Rocky road to repairing Indian relationship

Gautam Gupta, former spokesman for the Federation of Indian Students.
Gautam Gupta, former spokesman for the Federation of Indian Students.

WHEN Indian students took to the streets of Melbourne three years ago to protest against violent and racist attacks, Gautam Gupta was their voice. Now, he says, Australia is slowly emerging from the reputational damage of that period but there is still a level of caution, if not fear, in the Indian community.

''Things have changed, things have calmed down a lot,'' he says.

''There's a lot more confidence that the streets are safer and [Indian] people are not taking the risky jobs that they used to or catching trains late at night … most people have stopped doing all those things, they have tried to protect themselves and take adequate precautions.''

As spokesman for the Federation of Indian Students of Australia, Mr Gupta was at the centre of a debate about the safety of Indian students studying in Melbourne that came to a head after the murder of accountancy graduate Nitin Garg in a Yarraville park in January, 2010.

High-ranking Indian politicians and diplomats condemned the murder as ''an attack on humanity''.

The attack, which was later shown not to be racially motivated, sparked diplomatic tension between the two countries and jeopardised Australia's multibillion-dollar international student industry.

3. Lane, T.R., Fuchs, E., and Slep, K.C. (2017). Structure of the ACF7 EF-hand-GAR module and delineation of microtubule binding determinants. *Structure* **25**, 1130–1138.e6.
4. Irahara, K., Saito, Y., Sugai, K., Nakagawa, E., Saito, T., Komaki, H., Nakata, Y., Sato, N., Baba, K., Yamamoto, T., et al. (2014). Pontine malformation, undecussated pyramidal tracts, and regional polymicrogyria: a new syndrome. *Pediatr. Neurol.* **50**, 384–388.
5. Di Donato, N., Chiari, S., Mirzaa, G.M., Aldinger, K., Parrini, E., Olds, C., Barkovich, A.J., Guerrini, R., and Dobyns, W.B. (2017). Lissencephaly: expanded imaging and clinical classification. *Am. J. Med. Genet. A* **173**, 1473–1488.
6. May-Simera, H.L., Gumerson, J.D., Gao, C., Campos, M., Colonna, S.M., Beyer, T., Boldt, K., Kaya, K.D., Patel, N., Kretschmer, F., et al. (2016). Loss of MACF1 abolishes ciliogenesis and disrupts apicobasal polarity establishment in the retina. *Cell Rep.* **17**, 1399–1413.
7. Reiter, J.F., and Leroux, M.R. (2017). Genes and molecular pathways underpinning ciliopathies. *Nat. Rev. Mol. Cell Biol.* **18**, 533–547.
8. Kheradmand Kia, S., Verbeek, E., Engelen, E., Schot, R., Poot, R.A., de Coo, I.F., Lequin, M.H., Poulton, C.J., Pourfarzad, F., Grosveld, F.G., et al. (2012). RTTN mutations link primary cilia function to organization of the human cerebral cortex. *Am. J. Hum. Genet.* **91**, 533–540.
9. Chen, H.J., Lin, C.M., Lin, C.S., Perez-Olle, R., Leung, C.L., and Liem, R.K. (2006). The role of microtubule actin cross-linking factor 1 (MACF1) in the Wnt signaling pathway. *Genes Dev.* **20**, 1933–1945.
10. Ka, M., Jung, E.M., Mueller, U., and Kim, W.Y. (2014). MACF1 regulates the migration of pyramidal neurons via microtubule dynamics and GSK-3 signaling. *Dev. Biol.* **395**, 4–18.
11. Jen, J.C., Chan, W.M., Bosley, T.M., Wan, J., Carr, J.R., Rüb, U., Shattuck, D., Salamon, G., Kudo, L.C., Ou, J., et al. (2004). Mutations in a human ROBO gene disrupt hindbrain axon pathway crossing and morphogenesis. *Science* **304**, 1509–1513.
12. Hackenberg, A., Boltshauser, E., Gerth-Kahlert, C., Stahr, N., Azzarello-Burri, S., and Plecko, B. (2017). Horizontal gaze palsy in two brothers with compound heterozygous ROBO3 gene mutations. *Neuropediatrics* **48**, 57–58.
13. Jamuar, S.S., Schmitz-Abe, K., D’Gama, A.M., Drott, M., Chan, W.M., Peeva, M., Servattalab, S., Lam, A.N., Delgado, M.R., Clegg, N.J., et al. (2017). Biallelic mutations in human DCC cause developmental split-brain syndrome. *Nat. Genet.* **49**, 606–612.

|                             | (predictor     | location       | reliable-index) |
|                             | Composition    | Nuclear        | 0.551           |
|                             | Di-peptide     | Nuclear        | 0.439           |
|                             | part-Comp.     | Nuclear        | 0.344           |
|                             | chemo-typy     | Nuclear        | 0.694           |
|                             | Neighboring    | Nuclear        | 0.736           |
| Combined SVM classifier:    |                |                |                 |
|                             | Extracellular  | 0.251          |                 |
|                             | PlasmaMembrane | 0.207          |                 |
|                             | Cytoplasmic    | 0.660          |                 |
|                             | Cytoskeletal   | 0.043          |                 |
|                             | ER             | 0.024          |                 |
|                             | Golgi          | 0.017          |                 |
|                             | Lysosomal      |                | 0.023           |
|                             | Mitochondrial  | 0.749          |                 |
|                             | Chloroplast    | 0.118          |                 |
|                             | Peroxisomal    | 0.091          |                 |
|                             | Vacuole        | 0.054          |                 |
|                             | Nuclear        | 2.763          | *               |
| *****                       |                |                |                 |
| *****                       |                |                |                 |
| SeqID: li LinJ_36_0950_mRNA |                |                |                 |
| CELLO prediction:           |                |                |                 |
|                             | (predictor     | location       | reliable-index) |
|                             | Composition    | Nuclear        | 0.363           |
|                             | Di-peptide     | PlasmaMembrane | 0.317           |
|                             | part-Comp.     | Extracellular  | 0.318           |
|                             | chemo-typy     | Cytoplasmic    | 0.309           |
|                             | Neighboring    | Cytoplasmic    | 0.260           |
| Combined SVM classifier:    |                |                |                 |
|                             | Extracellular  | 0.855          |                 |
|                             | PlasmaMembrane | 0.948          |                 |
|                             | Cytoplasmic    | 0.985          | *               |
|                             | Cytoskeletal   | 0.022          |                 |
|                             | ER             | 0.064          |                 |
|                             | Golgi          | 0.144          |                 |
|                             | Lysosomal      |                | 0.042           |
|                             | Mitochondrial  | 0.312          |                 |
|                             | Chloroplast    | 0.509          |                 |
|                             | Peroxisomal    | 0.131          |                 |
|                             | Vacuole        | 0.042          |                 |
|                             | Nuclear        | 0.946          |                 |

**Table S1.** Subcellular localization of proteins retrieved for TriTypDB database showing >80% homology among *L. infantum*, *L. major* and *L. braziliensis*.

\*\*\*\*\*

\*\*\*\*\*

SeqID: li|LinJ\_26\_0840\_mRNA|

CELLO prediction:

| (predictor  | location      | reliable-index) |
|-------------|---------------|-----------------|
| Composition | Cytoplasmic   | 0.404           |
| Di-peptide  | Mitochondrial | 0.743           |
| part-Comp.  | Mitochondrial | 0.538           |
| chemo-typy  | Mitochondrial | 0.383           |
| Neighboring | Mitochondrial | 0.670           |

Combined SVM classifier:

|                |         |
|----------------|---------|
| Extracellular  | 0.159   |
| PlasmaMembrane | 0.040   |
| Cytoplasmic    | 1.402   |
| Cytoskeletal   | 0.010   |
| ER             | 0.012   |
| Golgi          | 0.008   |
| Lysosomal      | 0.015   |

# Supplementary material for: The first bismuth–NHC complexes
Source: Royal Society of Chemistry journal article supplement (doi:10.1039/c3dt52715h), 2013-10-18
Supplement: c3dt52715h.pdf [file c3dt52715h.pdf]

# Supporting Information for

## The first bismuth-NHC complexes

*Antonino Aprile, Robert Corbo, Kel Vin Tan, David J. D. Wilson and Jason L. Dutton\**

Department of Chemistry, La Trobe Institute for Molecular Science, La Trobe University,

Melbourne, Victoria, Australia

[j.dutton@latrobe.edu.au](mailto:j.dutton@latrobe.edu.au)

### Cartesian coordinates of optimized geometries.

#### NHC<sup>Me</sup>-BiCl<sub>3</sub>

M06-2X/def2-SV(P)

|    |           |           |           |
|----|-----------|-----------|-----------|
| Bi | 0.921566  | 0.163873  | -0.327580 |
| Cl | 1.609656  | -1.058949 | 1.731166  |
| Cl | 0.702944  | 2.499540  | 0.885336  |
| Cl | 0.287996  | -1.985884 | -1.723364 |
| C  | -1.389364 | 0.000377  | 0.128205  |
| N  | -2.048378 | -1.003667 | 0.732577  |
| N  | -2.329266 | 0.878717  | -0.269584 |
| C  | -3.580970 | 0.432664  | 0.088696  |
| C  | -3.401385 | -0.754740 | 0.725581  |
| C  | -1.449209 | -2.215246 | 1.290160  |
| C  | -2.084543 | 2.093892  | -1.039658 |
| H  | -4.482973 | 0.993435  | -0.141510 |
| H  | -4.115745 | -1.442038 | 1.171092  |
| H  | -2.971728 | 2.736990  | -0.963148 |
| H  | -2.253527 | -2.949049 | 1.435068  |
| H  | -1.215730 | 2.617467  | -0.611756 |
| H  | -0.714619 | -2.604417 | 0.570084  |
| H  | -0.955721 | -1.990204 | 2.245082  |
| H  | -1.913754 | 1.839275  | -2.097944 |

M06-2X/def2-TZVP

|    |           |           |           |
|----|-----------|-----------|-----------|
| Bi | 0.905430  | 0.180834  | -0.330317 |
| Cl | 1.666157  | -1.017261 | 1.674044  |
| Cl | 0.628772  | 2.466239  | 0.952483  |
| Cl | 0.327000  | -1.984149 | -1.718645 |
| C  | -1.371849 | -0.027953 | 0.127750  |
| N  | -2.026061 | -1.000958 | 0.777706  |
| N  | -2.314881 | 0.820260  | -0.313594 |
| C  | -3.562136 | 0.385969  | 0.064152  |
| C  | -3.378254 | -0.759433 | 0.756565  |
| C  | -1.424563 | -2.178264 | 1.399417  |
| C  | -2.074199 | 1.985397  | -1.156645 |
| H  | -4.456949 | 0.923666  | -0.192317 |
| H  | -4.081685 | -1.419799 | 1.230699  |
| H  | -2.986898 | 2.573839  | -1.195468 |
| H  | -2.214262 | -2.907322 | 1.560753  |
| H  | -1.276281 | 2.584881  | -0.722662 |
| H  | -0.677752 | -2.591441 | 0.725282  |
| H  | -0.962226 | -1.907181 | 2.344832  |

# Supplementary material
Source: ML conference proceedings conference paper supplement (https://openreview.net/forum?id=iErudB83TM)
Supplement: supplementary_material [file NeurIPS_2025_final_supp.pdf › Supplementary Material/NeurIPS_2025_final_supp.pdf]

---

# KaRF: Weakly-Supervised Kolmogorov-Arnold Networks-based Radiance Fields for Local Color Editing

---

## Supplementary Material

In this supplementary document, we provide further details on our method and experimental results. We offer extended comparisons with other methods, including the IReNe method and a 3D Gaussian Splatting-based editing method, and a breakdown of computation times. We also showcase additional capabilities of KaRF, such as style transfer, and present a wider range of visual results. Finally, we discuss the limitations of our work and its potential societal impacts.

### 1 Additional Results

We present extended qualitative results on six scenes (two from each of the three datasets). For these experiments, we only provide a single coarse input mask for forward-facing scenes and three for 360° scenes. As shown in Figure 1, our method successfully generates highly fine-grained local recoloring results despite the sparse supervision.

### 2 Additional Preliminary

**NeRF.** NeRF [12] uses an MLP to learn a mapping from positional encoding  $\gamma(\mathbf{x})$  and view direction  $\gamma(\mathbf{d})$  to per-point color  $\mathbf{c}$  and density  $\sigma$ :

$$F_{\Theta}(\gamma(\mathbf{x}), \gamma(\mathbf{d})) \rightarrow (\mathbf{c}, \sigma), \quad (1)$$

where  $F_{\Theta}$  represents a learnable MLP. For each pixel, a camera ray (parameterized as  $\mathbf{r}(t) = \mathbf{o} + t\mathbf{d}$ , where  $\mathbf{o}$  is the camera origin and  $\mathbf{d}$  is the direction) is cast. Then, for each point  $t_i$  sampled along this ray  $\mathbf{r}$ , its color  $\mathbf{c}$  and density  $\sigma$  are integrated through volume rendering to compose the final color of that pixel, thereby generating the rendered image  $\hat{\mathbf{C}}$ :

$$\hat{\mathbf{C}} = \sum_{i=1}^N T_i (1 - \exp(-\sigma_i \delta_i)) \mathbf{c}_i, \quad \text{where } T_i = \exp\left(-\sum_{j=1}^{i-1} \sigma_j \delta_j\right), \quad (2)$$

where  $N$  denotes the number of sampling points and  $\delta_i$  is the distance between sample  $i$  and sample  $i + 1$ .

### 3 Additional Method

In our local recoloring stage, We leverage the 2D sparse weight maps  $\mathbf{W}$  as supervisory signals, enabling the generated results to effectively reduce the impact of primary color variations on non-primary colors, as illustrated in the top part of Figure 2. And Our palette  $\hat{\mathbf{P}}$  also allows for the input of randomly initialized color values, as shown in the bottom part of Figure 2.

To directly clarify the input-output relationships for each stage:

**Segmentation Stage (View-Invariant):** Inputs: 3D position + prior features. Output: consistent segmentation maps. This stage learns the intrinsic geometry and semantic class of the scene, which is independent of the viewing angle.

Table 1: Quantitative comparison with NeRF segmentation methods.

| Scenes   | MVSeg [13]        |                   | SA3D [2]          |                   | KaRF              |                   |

Mr Gupta, a hearing specialist, says a rash of attacks created an impression of a hostile, aggressive country, but the situation has improved since then.

''It takes a long time for perceptions to change. Even if that reality has changed, the message has to filter through [and] at this stage the Australian government needs to do a lot more to get the messaging correct.''

He recalls that in 2005 and 2006 Australia was perceived as a peaceful place and regarded as one of the top five countries in which to study.

''I think it is in top five for a different reason now. It is seen as a much more aggressive place as it was involved in the Afghanistan and Iraq wars, so people are questioning if that aggression in the battlefield is now on the streets … Who wants to be exposed to unfair living conditions, whether there is crime or racism or anything that is negative? No one would spend $100,000 and go in that kind of environment.''

While he is no longer with the Federation of Indian Students of Australia, Mr Gupta is still focused on helping migrants stay safe.

He has just completed a book, Living and working Melbourne: A survival guide, based on his experience here. It will be published in November.

This story Rocky road to repairing Indian relationship first appeared on The Sydney Morning Herald.